MIC99%s alone and MPCs alone or in combinations of above antimicrobial agents were showed in Table 2. As previous papers reported16,19,20,21, no obvious correlations between MIC (or MIC99%) and MPC alone were also observed from Tables 1 and 2. Thereby, we couldn’t use MIC (or MIC99%) to predict MPC. All the MPCs of antimicrobial agents in combinations decreased in different degrees regardless of synergy or indifference presented in checkerboard assays. However, the larger MPC of two agents in a combination reduced more remarkably than the smaller one. Among them, the MSWs of some proportions of combination RM/DC against MRSA 01 and 02 could close each other, but those against MRSA 03 being resistant to RM. These indicated that synergistic combinations of antimicrobial agents being susceptible to pathogenic bacteria had a great potency to prevent resistance according to the hypotheses of MSW and MPC.
SIs of two agents in different proportions of a combination presented different FICIs against MRSA
Regardless of the effect of host defense22, maintaining drug concentrations above MPC throughout therapy can prevent resistance according to MSW and MPC hypotheses16. That meant that closing MSW could avoid the drug concentration falling into MSW, and that a combination in which SI of each agent was less than or equal to one would be efficacious to prevent antimicrobial resistance. To discover synergistic combinations as quickly as possible and easily predict the effect of preventing antimicrobial resistance, SIs of two agents in different proportions of each combination presented different FICIs against three MRSA isolates were graphed using data in Tables 1 and 2, and showed in Fig. 1 for presenting more clearly. Some information was easily observed as follows: (1) The larger MSW of two agents in a combination was prior to be closed; (2) The smaller the FICIs of two agents were, the more probable both SIs were less than or equal to one, and the wider the proportional ranges of two agents closing each other’s MSWs were (Fig. 1a,b); (3) Only the minimum FICI was less than or equal to 0.50, some proportions of two agents closing each other’s MSWs could be sought out from a combination; (4) Different proportions of two agents in a combination presented different SIs; (5) Synergistic combinations closing each other’s MSWs had a great potency to prevent or delay resistance according to MSW and MPC hypotheses.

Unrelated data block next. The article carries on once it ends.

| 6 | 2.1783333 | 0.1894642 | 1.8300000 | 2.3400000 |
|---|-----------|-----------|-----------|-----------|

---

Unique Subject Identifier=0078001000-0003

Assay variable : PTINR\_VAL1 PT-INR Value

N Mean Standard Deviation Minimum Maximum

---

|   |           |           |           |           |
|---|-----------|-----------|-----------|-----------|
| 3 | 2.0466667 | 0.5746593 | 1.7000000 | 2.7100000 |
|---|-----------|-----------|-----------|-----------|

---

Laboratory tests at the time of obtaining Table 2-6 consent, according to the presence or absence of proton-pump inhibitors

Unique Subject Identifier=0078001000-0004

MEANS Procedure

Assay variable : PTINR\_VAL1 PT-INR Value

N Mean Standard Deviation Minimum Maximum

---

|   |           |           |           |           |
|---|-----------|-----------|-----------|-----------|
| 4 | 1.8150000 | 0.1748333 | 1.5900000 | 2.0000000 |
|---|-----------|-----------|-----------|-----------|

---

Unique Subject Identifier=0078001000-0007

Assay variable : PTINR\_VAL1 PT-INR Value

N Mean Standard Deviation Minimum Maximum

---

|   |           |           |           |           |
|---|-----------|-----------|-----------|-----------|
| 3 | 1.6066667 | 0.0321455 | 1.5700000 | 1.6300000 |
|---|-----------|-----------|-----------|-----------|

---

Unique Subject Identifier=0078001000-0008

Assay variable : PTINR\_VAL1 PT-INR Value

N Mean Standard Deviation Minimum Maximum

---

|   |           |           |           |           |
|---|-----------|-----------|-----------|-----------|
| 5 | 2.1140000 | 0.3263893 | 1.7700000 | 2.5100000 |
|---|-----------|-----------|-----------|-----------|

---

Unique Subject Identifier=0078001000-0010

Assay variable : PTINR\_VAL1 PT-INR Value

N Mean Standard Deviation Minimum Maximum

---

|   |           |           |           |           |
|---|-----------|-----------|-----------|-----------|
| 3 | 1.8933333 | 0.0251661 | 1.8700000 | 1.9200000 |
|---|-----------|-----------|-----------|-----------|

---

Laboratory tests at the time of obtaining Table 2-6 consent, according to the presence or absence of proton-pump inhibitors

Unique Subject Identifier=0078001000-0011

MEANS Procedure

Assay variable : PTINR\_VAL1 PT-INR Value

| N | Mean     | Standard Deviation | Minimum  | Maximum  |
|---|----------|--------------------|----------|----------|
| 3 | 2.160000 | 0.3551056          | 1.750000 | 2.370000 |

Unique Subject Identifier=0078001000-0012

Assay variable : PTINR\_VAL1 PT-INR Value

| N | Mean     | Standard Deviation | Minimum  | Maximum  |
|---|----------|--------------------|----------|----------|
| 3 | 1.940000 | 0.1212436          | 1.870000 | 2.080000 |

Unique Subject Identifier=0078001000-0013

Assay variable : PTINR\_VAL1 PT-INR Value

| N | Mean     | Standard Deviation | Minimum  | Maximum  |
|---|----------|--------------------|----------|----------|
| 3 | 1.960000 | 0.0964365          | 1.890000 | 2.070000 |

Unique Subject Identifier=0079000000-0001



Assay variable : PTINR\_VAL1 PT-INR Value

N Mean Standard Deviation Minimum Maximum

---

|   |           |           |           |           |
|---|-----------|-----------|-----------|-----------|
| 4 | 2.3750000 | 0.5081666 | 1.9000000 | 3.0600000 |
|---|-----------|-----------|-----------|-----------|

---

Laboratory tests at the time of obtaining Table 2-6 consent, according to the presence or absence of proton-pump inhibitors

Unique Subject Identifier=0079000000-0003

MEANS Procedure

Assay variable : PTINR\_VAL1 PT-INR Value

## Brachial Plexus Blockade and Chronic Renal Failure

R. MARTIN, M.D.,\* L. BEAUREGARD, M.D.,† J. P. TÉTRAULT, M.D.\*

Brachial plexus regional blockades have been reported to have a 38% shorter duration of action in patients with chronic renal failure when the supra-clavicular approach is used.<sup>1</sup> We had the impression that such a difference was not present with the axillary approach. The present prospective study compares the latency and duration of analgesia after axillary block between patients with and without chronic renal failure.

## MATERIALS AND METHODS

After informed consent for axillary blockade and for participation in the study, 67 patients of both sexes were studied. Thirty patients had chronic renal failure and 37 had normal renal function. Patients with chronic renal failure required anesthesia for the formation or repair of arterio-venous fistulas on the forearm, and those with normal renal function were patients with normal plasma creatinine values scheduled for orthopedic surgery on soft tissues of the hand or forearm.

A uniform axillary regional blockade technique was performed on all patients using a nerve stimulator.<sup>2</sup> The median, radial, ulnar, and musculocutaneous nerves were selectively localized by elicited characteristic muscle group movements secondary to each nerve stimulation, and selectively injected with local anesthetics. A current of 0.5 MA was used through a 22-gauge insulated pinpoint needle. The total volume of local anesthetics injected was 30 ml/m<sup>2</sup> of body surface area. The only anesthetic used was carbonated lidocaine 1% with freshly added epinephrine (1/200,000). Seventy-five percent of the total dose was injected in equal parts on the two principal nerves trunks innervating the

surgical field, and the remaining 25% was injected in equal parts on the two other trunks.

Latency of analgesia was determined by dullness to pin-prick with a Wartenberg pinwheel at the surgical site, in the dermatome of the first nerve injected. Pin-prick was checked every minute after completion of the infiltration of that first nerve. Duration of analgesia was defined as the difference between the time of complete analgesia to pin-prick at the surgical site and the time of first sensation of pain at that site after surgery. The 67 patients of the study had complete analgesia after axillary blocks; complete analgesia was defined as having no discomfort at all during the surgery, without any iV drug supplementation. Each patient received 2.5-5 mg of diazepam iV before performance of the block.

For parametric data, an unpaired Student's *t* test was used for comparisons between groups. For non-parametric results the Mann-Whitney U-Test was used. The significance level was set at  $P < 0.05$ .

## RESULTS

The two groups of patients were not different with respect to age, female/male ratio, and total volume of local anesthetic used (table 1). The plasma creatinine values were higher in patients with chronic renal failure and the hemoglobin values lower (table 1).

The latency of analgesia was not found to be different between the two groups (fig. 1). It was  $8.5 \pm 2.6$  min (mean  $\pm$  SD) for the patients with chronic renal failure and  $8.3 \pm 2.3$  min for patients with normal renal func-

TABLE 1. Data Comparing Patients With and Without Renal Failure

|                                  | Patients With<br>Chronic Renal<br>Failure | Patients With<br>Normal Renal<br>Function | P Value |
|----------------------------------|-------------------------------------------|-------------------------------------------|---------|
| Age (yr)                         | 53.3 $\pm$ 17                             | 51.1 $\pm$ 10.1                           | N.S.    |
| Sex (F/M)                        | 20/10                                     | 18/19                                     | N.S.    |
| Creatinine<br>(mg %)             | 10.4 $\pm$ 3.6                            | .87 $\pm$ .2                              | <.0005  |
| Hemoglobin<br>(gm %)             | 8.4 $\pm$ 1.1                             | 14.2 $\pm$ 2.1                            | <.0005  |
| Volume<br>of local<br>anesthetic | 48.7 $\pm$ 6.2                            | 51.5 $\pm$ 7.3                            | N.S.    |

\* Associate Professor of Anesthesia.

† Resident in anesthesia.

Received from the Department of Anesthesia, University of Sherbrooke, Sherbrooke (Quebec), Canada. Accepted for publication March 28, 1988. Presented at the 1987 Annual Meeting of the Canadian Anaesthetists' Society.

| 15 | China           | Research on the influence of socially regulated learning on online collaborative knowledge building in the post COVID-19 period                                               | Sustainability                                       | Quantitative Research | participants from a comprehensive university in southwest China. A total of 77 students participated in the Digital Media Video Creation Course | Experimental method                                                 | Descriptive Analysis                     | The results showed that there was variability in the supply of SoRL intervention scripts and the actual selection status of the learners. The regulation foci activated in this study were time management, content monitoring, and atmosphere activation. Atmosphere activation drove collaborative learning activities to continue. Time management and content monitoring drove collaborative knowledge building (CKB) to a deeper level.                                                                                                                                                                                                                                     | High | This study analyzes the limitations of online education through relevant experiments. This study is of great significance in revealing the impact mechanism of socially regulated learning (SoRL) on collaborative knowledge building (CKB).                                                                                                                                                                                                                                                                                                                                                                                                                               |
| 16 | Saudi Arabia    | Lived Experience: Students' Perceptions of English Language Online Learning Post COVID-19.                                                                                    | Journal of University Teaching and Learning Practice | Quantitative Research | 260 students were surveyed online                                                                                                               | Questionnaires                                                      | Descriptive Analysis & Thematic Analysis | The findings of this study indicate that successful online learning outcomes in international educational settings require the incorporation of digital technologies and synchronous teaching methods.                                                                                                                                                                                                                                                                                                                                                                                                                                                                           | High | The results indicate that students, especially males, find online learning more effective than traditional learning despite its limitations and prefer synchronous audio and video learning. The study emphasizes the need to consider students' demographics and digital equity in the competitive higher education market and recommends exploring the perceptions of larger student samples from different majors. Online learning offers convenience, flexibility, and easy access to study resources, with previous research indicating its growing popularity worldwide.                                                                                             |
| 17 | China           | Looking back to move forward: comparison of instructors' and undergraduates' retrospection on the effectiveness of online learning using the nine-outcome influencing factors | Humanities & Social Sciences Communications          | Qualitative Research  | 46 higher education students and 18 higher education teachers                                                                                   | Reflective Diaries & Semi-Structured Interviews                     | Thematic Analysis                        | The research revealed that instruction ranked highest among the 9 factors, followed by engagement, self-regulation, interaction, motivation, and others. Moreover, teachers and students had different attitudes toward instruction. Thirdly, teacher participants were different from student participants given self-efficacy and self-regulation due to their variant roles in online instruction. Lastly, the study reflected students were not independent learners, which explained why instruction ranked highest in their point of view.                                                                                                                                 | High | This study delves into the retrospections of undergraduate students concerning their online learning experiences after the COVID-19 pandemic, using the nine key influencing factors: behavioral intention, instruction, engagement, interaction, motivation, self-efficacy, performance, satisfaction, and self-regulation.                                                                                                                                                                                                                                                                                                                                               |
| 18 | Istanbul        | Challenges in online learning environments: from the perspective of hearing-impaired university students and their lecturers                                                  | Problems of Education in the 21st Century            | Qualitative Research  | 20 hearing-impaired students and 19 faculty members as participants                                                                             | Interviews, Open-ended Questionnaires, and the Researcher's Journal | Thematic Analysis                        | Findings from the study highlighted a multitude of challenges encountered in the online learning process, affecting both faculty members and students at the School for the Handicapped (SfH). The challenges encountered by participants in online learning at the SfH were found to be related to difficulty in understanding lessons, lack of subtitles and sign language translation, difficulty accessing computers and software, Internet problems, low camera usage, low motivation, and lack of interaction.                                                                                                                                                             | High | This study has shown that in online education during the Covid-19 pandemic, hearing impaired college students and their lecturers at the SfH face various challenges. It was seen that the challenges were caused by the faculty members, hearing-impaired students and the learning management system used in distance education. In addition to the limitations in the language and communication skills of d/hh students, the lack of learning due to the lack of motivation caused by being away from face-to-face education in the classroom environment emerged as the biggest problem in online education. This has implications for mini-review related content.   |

Combination antimicrobial therapy with two or more drugs is a standard one for infections with human immunodeficiency virus and Mycobacterium tuberculosis9,10,11. As the development of new antimicrobial agents has been late for resistance, combination therapy had been also considering as an effective strategy to prevent antimicrobial resistance23,24, while some reports on their therapeutic effects to prevent resistance are conflicting9. Theoretically, the more remarkable the synergistic activity of two agents in a combination was, the more probable their MSWs were to close each other. Thus, discovering remarkably synergistic combinations closing each other’s MSWs were our goals.